While cryptocurrencies have their own uses and values, especially nowadays many young people are using stablecoins to hedge against fluctuations in the naira by retaining the liquidity they have in coins like USDT (United States Dollars Tether), and they can also much more easily transfer funds from wallet to wallet without having to go through a bank, there are serious implications for the macro economy some of which are:
1. Cryptocurrency promises are usually overhyped. To date, the market is down from a few months ago. This means that young people are subjecting their cash to unnecessary volatility. From hedging against the falling Naira with the USDT, most youngsters are becoming more adventurous. It’s like being drawn into gambling. Many have lost a lot but are usually silent when it happens. The few hype-men also speak only when there is a rise in the market.
2. As we age and the economy naturally shifts into the hands of today’s youth, economic management will be more difficult as too much local currency will be converted into crypto, even as local economic managers struggle to retain sovereignty. traditional currencies.
3. While 2 above can be seen as a fait accompli (a losing battle) as sovereigns scramble to create electronic versions of their own currencies to compete, the real challenge will be that national savings and investments will be negatively impacted. Every economy will feel the impact as more and more money flows through space, but struggling and growing economies like ours may simply collapse if more and more people see no reason to keep their savings in local banks or even invest in anything here.
4. Despite the popularity of cryptocurrencies among young people, they have failed some of the fundamental qualities of a good currency, such as being a suitable medium of exchange, a store of value, and stability.
The other day I was talking about the Nigerian stock market with high profile men and wondering why we have had very few new listings (new companies going public) since the crash of 2009. MTN was a recent big addition. It has become apparent that ‘investment’ in notional or pseudo-assets such as cryptocurrencies by today’s savvy Nigerians is direct erosion and in direct competition with the funds that might go into the market. scholarship. This means that most new listings or initial public offerings (where companies are actually raising money for expansion or otherwise), have to struggle harder to succeed. And we’re saying companies aren’t even willing to sign up. I then wondered how to grow this economy? How do you find financing for struggling or growing businesses that produce real goods and services that people actually need? Because there are not many businesses in the world that were built from the cryptocurrency revolution. But if the national economy continues to experience meltdowns, won’t that encourage people even more to convert their cash into cryptocurrencies and so we have a chicken and egg scenario, not knowing what caused what – if investments in cryptocurrencies trigger divestment everywhere else in the traditional economy, or the collapse of the traditional economy causes people to flee to crypto? The bottom line is that the traditional economy – and by extension societies, economies and nations – will descend into chaos. It’s clearly a race to the bottom for everyone. Is it something our young people envision and desire? Are we already booking entry into a dystopian world?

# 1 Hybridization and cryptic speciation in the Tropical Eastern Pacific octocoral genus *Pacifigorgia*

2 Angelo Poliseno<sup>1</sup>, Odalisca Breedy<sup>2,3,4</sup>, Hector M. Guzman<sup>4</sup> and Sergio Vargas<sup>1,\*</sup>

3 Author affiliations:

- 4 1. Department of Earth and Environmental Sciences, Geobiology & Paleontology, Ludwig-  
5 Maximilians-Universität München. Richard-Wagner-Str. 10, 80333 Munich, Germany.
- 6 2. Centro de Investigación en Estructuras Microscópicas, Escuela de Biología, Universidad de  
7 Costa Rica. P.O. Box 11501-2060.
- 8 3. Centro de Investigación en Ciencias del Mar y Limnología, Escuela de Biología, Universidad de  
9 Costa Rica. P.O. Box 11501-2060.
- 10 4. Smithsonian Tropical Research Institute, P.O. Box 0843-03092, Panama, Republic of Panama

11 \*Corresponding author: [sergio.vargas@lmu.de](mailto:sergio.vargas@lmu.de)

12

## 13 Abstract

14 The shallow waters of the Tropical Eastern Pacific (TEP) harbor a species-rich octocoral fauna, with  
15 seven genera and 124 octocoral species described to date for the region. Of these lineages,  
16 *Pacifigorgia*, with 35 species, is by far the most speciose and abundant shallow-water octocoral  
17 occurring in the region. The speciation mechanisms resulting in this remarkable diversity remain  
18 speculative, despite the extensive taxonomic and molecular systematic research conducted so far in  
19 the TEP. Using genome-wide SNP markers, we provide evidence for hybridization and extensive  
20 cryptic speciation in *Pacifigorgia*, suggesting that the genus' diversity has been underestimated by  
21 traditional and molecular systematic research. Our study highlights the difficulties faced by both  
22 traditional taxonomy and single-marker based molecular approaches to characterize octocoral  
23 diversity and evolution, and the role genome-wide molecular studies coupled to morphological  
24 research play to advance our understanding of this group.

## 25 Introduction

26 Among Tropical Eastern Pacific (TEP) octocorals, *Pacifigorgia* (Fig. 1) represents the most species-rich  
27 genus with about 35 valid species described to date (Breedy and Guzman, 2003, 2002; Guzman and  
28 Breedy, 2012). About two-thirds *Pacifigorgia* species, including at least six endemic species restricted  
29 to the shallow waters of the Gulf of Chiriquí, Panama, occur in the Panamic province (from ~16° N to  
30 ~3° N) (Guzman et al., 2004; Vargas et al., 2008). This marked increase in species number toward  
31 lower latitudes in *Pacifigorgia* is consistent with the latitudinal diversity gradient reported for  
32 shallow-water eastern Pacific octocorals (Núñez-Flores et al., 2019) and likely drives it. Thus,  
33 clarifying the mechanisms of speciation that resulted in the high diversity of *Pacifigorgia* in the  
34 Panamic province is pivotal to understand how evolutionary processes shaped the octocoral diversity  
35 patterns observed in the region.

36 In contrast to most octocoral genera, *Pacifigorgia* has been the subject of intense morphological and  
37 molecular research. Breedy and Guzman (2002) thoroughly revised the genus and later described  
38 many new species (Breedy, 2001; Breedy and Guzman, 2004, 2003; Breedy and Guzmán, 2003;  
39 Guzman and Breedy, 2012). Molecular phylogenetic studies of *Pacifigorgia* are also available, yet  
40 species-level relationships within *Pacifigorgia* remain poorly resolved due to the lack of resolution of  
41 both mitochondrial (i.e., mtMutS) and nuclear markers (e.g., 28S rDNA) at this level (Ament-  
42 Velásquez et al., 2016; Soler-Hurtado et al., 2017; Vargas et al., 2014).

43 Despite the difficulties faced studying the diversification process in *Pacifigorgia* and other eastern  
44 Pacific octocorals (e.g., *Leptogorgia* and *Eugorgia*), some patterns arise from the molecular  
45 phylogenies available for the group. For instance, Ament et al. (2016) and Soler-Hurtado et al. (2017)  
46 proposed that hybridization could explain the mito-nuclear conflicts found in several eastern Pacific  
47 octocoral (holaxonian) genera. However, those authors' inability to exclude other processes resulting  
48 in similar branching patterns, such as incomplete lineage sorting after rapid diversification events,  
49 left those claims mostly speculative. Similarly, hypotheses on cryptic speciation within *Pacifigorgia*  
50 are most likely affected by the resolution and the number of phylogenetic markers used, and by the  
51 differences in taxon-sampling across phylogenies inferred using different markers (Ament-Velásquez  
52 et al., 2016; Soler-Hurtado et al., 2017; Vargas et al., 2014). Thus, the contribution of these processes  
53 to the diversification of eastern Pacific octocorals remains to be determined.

Will cryptocurrency lead to a global economic collapse of unprecedented magnitude? Anything worse than the Great Recession of 2009-2011? Some mainstream economists and financiers think so. Will cryptocurrencies finally liquidate economies like Nigeria’s? Just as we have now seen that the push for 100% green energy could be our albatross and impede our economic development and we have raised this issue with the UN and other bodies, who is anyone talking to cryptocurrency; currencies that simply float in the air without anyone’s backing? From a purely economic point of view, I think we need more analysis to fully understand the risks.